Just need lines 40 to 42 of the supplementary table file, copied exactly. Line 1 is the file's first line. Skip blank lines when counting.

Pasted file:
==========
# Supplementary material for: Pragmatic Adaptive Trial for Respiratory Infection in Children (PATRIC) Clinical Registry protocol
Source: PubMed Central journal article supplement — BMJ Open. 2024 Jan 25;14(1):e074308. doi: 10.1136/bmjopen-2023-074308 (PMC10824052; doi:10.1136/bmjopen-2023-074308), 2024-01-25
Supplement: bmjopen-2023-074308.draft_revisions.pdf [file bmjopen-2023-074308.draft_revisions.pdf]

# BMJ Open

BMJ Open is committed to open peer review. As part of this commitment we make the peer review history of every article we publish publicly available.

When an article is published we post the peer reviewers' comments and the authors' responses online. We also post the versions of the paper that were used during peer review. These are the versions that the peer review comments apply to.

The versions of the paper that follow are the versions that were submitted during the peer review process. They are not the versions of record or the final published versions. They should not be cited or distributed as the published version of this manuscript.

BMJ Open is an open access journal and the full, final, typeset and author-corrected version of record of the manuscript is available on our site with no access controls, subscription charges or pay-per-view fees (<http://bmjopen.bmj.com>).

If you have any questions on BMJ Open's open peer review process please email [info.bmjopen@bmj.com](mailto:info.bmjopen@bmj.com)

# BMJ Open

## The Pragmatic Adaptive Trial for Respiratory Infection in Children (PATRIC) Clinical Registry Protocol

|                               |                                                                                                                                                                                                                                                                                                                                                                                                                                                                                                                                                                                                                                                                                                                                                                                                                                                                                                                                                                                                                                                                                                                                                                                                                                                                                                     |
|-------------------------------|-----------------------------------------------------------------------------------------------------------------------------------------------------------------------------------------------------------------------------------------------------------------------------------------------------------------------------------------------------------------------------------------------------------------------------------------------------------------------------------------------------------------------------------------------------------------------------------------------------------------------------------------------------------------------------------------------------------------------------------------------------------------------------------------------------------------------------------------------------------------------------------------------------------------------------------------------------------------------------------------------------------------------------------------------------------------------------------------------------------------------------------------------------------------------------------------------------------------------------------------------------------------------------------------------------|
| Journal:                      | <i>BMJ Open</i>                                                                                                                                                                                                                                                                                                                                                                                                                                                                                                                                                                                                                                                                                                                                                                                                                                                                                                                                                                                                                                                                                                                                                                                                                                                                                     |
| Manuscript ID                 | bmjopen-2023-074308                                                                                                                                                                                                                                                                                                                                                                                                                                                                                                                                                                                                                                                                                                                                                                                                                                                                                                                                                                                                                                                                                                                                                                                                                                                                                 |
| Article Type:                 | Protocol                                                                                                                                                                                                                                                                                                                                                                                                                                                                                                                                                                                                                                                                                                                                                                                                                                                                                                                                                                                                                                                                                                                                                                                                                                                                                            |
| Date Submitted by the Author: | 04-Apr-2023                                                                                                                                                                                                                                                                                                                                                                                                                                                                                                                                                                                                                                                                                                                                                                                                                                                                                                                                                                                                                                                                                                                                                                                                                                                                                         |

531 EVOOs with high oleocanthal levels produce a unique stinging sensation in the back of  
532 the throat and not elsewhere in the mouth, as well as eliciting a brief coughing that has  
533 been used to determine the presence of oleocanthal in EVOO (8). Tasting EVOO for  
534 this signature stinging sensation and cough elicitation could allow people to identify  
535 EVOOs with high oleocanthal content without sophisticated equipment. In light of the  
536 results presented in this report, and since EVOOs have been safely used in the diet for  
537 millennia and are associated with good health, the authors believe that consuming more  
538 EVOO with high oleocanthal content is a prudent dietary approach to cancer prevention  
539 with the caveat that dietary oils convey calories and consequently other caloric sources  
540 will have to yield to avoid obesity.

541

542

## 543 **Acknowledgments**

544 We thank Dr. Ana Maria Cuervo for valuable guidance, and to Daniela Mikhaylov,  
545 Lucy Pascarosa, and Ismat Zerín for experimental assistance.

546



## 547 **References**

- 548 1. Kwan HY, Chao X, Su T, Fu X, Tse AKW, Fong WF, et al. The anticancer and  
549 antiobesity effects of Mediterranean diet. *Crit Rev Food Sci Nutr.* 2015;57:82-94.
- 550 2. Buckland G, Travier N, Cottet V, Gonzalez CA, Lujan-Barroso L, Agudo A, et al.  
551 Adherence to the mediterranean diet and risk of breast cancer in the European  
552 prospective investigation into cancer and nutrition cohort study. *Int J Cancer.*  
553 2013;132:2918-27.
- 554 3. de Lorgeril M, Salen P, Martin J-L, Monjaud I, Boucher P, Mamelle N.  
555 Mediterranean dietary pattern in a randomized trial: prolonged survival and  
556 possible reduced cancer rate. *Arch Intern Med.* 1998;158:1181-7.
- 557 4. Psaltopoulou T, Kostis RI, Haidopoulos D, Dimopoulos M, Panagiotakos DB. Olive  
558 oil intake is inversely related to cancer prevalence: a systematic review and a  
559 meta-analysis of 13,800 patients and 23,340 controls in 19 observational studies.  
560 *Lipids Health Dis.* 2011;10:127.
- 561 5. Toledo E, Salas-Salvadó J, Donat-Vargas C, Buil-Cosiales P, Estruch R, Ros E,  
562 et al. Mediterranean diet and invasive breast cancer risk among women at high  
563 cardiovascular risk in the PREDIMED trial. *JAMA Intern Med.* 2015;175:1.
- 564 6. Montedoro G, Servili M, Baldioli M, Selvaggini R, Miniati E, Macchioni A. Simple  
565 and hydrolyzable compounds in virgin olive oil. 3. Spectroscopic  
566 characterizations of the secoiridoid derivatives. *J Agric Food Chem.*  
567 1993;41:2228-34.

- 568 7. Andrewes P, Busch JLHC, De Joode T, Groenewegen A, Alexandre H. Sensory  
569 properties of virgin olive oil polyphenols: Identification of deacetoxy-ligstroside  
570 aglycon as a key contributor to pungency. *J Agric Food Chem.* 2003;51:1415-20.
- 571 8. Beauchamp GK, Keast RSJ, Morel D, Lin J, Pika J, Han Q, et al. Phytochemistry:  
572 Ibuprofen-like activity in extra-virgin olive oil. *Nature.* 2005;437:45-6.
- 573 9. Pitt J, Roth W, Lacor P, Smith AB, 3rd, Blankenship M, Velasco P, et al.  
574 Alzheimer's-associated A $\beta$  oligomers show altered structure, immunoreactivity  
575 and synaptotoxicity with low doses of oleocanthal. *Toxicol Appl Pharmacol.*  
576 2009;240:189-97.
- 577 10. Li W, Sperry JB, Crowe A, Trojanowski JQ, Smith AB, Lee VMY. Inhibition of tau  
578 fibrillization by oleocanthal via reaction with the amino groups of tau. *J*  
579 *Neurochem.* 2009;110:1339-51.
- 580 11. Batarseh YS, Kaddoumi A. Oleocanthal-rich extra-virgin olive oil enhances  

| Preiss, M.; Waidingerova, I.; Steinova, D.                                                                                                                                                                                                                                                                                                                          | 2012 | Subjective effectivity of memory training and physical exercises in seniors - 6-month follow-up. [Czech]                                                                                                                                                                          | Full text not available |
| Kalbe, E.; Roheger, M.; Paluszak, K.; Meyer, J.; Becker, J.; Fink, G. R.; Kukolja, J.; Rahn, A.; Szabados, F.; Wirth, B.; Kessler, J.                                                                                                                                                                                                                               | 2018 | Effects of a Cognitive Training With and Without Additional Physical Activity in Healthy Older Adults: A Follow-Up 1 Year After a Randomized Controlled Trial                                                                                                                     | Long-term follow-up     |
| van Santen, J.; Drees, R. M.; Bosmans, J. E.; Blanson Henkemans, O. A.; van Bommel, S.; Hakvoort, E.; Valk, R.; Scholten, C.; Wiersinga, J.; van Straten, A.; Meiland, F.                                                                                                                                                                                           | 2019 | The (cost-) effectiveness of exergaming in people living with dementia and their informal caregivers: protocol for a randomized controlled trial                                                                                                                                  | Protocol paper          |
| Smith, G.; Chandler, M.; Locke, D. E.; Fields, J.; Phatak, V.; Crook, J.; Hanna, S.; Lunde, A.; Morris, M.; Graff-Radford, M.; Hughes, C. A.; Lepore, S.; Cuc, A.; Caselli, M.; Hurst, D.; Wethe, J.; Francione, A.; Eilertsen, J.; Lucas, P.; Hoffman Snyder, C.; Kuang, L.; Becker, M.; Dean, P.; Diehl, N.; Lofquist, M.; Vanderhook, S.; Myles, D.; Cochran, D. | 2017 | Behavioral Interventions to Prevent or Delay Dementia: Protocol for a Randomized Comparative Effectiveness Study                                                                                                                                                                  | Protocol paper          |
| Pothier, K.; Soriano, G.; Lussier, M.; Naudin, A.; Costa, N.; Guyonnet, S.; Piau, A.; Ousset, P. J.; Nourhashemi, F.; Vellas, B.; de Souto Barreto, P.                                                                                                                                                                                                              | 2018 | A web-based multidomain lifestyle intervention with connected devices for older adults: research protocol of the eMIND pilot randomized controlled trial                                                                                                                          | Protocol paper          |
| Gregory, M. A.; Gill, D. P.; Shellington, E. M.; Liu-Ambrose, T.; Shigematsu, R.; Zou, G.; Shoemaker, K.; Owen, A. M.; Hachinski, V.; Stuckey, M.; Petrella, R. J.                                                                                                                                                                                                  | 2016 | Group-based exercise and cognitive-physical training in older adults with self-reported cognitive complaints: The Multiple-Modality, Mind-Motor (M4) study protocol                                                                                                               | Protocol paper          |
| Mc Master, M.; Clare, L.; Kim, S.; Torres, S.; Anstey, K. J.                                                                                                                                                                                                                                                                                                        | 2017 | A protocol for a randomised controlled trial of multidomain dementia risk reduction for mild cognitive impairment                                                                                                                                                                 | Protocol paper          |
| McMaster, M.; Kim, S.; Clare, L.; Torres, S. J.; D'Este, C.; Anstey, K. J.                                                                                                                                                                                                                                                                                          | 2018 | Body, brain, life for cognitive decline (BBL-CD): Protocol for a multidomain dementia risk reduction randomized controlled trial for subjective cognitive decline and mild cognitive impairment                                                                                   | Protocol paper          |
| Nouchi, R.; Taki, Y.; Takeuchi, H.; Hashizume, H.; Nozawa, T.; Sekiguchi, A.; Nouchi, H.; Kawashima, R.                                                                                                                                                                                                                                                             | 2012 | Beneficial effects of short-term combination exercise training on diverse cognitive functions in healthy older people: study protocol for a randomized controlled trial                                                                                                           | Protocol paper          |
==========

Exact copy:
553 2013;132:2918-27.
- 554 3. de Lorgeril M, Salen P, Martin J-L, Monjaud I, Boucher P, Mamelle N.  
555 Mediterranean dietary pattern in a randomized trial: prolonged survival and  